Final Black Gate Art Direction Rating for the 200 million: 6.875
The final movie was included because it’s an adaptation of a classic fantasy story and because it is considered a travel epic.
Lord of the Rings: The Fellowship of the Ring 2001:
IMDb Rating: 8.8 [Out of 10] Rotten Tomatoes: 92% approval/certified fresh/8.1 [out of 10]
Budget: $93 Million
Opening Weekend [US]: $66,114,741
Final Box Office [Worldwide]: $870,761,744
What can be said about the art direction of Fellowship of the Ring other than it’s priceless, even if it did cost a little less than $100 million. Somewhere in time Peter Jackson got it right, but in all fairness to the subject, he did have a great deal of backlog to work with.
That’s not to say that Conan isn’t the same, I mean Frank Frazetta and Arnold Schwarzenegger did previously brand the character into the subconscious of America, but still, there is no doubt the LOTR has been portrayed a hundred times more than Conan. So, if Jackson was smart, and he was, he could stick with the greatest of source material that was already out there and make a gorgeous movie.
This film also has a distinct advantage in its overall length, and even more so in the extended edition, because with that much time one can go to great lengths to be epic. The features of this film can be broken down into five basic categories, the bulk coming in The Shire, Rivendell, Moria, and then Lorien.
First, we’ll tackle The Shire, and for the first time in any of the above films we get to see the color green… or really any other color than stone or sand. The brilliance of this setting is what helps make the rest of the movie so dramatic in its darkness, and every inch of this rural paradise is stupendous from Bag End to the Bucklebury Ferry. Rating 9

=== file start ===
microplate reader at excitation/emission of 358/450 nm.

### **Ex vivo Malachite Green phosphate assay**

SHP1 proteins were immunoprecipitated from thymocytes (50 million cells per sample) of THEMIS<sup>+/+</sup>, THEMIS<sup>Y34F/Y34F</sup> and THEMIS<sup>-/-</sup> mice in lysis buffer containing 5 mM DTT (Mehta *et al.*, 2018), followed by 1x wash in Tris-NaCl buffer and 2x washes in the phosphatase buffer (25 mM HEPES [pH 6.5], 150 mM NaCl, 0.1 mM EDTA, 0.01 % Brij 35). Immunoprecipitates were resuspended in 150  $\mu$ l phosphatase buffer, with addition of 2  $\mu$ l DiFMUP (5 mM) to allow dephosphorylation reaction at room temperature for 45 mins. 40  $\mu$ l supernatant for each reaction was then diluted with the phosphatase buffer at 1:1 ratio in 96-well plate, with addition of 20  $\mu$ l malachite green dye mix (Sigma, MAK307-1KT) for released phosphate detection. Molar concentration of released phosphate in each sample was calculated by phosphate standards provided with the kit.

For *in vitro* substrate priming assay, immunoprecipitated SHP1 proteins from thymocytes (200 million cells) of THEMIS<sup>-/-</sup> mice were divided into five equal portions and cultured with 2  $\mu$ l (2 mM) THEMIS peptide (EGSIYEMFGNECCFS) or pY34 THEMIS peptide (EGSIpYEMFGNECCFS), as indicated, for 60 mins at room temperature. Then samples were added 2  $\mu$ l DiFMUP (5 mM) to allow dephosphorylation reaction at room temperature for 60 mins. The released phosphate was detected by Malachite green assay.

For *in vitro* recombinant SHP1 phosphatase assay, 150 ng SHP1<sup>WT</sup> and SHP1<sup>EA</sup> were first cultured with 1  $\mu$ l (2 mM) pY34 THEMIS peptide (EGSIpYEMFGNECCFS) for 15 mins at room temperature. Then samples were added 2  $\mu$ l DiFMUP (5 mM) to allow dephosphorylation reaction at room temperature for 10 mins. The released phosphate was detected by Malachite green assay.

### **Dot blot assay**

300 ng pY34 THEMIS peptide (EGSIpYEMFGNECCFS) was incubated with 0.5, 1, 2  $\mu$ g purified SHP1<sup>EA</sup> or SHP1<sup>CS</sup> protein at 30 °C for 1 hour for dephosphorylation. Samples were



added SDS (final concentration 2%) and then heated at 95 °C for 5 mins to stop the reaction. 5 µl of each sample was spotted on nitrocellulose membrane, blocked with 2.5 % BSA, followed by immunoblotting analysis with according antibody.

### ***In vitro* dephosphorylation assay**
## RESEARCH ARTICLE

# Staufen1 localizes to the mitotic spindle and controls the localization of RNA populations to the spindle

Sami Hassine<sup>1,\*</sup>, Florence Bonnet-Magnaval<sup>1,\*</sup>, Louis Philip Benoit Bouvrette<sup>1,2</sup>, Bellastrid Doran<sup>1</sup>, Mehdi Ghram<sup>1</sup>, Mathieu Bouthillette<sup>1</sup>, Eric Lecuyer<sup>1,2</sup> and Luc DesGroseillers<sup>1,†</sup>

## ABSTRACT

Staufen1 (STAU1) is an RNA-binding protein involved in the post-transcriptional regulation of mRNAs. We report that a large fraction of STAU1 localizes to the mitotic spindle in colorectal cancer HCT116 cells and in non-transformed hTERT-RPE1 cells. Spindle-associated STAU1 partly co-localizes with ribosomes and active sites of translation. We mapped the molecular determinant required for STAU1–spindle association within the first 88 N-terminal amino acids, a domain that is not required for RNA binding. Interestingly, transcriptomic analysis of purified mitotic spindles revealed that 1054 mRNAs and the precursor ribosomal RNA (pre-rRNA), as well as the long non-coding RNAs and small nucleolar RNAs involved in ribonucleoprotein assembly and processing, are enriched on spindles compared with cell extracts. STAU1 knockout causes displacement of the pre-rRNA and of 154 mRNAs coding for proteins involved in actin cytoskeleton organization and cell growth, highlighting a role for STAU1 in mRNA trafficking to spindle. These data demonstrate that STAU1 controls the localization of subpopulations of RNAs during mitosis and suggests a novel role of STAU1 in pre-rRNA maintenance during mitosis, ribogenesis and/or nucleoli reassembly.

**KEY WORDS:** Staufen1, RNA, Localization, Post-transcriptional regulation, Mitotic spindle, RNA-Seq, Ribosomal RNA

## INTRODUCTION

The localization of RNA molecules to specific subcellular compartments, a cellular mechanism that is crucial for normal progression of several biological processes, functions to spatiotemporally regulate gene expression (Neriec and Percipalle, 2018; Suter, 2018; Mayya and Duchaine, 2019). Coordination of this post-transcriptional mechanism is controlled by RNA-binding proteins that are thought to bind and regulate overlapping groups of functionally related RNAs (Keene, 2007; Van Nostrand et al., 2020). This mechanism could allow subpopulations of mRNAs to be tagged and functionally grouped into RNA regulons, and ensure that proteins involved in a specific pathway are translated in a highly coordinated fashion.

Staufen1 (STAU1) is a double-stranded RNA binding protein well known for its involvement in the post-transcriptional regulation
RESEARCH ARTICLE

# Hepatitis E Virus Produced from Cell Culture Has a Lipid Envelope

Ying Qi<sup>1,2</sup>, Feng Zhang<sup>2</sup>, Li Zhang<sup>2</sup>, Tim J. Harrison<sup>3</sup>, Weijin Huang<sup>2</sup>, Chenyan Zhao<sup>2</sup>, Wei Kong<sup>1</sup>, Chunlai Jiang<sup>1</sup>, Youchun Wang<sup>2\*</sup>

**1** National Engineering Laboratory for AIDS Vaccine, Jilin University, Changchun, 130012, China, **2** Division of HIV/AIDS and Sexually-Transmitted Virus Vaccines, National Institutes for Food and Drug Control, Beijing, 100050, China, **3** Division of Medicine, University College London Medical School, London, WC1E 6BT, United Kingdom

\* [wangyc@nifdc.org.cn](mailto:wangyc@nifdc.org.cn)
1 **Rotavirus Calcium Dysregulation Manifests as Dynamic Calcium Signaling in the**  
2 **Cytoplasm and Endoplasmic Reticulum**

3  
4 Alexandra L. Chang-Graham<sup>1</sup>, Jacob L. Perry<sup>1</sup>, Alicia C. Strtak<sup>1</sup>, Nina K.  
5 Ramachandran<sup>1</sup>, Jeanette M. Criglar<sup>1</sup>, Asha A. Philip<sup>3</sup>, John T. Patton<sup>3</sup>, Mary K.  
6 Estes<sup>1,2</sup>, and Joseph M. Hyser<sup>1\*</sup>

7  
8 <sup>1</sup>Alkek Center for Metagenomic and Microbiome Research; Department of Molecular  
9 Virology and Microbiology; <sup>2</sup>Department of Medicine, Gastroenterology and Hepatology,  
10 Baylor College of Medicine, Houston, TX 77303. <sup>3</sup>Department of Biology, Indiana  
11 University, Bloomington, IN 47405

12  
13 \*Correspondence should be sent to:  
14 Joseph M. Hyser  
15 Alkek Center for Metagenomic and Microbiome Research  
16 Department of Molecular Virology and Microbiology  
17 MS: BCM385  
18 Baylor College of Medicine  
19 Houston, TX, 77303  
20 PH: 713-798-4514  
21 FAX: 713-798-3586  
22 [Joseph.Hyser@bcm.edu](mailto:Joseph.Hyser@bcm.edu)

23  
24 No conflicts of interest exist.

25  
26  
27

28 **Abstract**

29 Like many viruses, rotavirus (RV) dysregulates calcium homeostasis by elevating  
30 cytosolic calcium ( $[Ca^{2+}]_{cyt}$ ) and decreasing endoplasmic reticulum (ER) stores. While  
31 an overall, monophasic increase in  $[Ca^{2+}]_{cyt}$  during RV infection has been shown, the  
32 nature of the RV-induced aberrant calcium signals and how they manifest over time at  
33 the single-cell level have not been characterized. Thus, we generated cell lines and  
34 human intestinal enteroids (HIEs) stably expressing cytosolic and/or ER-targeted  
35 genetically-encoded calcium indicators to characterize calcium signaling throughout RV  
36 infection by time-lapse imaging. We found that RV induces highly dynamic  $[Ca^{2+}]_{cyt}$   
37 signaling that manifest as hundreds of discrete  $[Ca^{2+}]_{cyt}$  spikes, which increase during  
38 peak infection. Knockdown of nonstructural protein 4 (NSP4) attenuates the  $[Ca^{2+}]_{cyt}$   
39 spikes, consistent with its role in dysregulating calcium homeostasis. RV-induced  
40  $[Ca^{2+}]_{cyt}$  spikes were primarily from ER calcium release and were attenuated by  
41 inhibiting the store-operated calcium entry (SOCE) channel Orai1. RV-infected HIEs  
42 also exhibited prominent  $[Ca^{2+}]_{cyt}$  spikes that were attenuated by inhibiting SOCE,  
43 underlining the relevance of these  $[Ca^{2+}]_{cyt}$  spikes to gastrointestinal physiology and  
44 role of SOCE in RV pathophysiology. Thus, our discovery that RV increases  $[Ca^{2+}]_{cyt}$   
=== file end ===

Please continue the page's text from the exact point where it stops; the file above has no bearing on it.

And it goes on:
Next we are delivered to Rivendell and the House of Elrond [Note here, my spell check recognized both Rivendell and Elrond… how cool and scary is that?] Here we are exposed to the incredible artist’s depiction of elves and the fancy homes they live in. It’s a beautiful place, if more lofty than the Shire, and yet we are compelled to believe every inch of it. Rating 8.5
The Mines of Moria are our first look at true darkness in the world, and it doesn’t disappoint. I well remember seeing the great hall sometime around 2:30 AM on premiere night and being utterly lost in its depth. There may have been a gleam here of computer generation, but only a touch, just a smooch, like you’re kissing your sister…. Rating 8
And last we see Lorien, realm of Galadriel and Celeborn. I mean really, didn’t we all want to be elves and live in trees at some point? This is also done brilliantly, although perhaps a tad over the top. It does, however, stick well with the true words of Tolkien, so I’ll give it the benefit of the doubt. Rating 7.5